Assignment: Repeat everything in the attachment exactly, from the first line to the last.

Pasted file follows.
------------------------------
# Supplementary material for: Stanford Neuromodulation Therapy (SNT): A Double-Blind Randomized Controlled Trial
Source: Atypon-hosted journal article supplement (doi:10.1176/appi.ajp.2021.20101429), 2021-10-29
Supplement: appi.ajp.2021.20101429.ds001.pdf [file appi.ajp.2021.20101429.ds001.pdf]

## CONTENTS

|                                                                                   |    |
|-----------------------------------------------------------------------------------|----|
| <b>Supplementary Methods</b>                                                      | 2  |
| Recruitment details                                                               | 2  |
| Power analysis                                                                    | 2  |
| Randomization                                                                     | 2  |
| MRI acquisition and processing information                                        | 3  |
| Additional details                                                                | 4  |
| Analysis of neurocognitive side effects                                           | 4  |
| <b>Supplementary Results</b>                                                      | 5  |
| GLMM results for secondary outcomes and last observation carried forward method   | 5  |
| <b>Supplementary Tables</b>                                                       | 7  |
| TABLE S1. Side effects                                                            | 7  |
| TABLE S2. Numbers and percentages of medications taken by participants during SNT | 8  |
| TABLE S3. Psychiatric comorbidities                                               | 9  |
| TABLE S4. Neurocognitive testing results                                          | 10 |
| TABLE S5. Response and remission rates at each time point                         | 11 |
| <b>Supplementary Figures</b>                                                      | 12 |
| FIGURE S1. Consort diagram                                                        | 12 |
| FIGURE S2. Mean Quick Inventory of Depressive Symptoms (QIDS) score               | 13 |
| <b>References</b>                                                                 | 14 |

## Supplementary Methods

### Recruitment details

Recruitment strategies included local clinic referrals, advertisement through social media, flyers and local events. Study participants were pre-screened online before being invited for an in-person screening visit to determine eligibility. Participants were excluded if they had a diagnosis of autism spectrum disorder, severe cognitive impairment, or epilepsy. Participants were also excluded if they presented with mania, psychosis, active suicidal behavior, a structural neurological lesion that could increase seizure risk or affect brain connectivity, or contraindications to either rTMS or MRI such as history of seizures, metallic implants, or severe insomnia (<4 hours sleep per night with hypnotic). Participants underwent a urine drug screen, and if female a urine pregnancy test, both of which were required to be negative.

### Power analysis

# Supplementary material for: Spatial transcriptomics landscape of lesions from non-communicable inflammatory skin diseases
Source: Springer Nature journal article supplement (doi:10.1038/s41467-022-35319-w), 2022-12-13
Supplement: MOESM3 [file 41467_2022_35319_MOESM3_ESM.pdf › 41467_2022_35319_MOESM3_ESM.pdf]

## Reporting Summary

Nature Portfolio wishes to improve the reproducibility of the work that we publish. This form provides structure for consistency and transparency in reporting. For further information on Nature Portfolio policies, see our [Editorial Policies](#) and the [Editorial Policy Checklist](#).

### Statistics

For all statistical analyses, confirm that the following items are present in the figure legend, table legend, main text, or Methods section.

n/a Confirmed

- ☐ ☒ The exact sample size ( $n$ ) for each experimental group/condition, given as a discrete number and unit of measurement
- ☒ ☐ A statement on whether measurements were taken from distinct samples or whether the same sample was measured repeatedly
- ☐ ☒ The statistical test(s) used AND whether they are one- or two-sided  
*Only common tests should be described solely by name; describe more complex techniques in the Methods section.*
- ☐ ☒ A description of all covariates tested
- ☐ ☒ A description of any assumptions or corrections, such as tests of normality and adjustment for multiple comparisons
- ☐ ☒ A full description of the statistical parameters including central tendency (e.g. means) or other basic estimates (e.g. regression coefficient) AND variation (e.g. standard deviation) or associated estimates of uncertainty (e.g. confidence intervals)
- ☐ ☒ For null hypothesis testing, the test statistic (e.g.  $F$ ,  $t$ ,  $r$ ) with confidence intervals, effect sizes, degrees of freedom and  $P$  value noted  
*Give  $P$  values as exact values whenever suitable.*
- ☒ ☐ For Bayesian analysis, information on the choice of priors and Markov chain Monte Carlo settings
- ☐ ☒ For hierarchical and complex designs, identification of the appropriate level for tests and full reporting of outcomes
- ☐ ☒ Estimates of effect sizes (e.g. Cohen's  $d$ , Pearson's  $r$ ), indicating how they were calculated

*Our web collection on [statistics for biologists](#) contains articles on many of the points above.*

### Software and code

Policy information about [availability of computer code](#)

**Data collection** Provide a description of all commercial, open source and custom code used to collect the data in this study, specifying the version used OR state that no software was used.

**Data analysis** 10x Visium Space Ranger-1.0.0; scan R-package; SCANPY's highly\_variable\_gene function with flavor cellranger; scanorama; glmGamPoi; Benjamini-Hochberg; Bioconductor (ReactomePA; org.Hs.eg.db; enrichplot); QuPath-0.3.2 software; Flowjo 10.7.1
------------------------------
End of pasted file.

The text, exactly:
# Supplementary material for: Stanford Neuromodulation Therapy (SNT): A Double-Blind Randomized Controlled Trial
Source: Atypon-hosted journal article supplement (doi:10.1176/appi.ajp.2021.20101429), 2021-10-29
Supplement: appi.ajp.2021.20101429.ds001.pdf [file appi.ajp.2021.20101429.ds001.pdf]

## CONTENTS

|                                                                                   |    |
|-----------------------------------------------------------------------------------|----|
| <b>Supplementary Methods</b>                                                      | 2  |
| Recruitment details                                                               | 2  |
| Power analysis                                                                    | 2  |
| Randomization                                                                     | 2  |
| MRI acquisition and processing information                                        | 3  |
| Additional details                                                                | 4  |
| Analysis of neurocognitive side effects                                           | 4  |
| <b>Supplementary Results</b>                                                      | 5  |
| GLMM results for secondary outcomes and last observation carried forward method   | 5  |
| <b>Supplementary Tables</b>                                                       | 7  |
| TABLE S1. Side effects                                                            | 7  |
| TABLE S2. Numbers and percentages of medications taken by participants during SNT | 8  |
| TABLE S3. Psychiatric comorbidities                                               | 9  |
| TABLE S4. Neurocognitive testing results                                          | 10 |
| TABLE S5. Response and remission rates at each time point                         | 11 |
| <b>Supplementary Figures</b>                                                      | 12 |
| FIGURE S1. Consort diagram                                                        | 12 |
| FIGURE S2. Mean Quick Inventory of Depressive Symptoms (QIDS) score               | 13 |
| <b>References</b>                                                                 | 14 |

## Supplementary Methods

### Recruitment details

Recruitment strategies included local clinic referrals, advertisement through social media, flyers and local events. Study participants were pre-screened online before being invited for an in-person screening visit to determine eligibility. Participants were excluded if they had a diagnosis of autism spectrum disorder, severe cognitive impairment, or epilepsy. Participants were also excluded if they presented with mania, psychosis, active suicidal behavior, a structural neurological lesion that could increase seizure risk or affect brain connectivity, or contraindications to either rTMS or MRI such as history of seizures, metallic implants, or severe insomnia (<4 hours sleep per night with hypnotic). Participants underwent a urine drug screen, and if female a urine pregnancy test, both of which were required to be negative.

### Power analysis

# Supplementary material for: Spatial transcriptomics landscape of lesions from non-communicable inflammatory skin diseases
Source: Springer Nature journal article supplement (doi:10.1038/s41467-022-35319-w), 2022-12-13
Supplement: MOESM3 [file 41467_2022_35319_MOESM3_ESM.pdf › 41467_2022_35319_MOESM3_ESM.pdf]

## Reporting Summary

Nature Portfolio wishes to improve the reproducibility of the work that we publish. This form provides structure for consistency and transparency in reporting. For further information on Nature Portfolio policies, see our [Editorial Policies](#) and the [Editorial Policy Checklist](#).

### Statistics

For all statistical analyses, confirm that the following items are present in the figure legend, table legend, main text, or Methods section.

n/a Confirmed

- ☐ ☒ The exact sample size ( $n$ ) for each experimental group/condition, given as a discrete number and unit of measurement
- ☒ ☐ A statement on whether measurements were taken from distinct samples or whether the same sample was measured repeatedly
- ☐ ☒ The statistical test(s) used AND whether they are one- or two-sided  
*Only common tests should be described solely by name; describe more complex techniques in the Methods section.*
- ☐ ☒ A description of all covariates tested
- ☐ ☒ A description of any assumptions or corrections, such as tests of normality and adjustment for multiple comparisons
- ☐ ☒ A full description of the statistical parameters including central tendency (e.g. means) or other basic estimates (e.g. regression coefficient) AND variation (e.g. standard deviation) or associated estimates of uncertainty (e.g. confidence intervals)
- ☐ ☒ For null hypothesis testing, the test statistic (e.g.  $F$ ,  $t$ ,  $r$ ) with confidence intervals, effect sizes, degrees of freedom and  $P$  value noted  
*Give  $P$  values as exact values whenever suitable.*
- ☒ ☐ For Bayesian analysis, information on the choice of priors and Markov chain Monte Carlo settings
- ☐ ☒ For hierarchical and complex designs, identification of the appropriate level for tests and full reporting of outcomes
- ☐ ☒ Estimates of effect sizes (e.g. Cohen's  $d$ , Pearson's  $r$ ), indicating how they were calculated

*Our web collection on [statistics for biologists](#) contains articles on many of the points above.*

### Software and code

Policy information about [availability of computer code](#)

**Data collection** Provide a description of all commercial, open source and custom code used to collect the data in this study, specifying the version used OR state that no software was used.

**Data analysis** 10x Visium Space Ranger-1.0.0; scan R-package; SCANPY's highly\_variable\_gene function with flavor cellranger; scanorama; glmGamPoi; Benjamini-Hochberg; Bioconductor (ReactomePA; org.Hs.eg.db; enrichplot); QuPath-0.3.2 software; Flowjo 10.7.1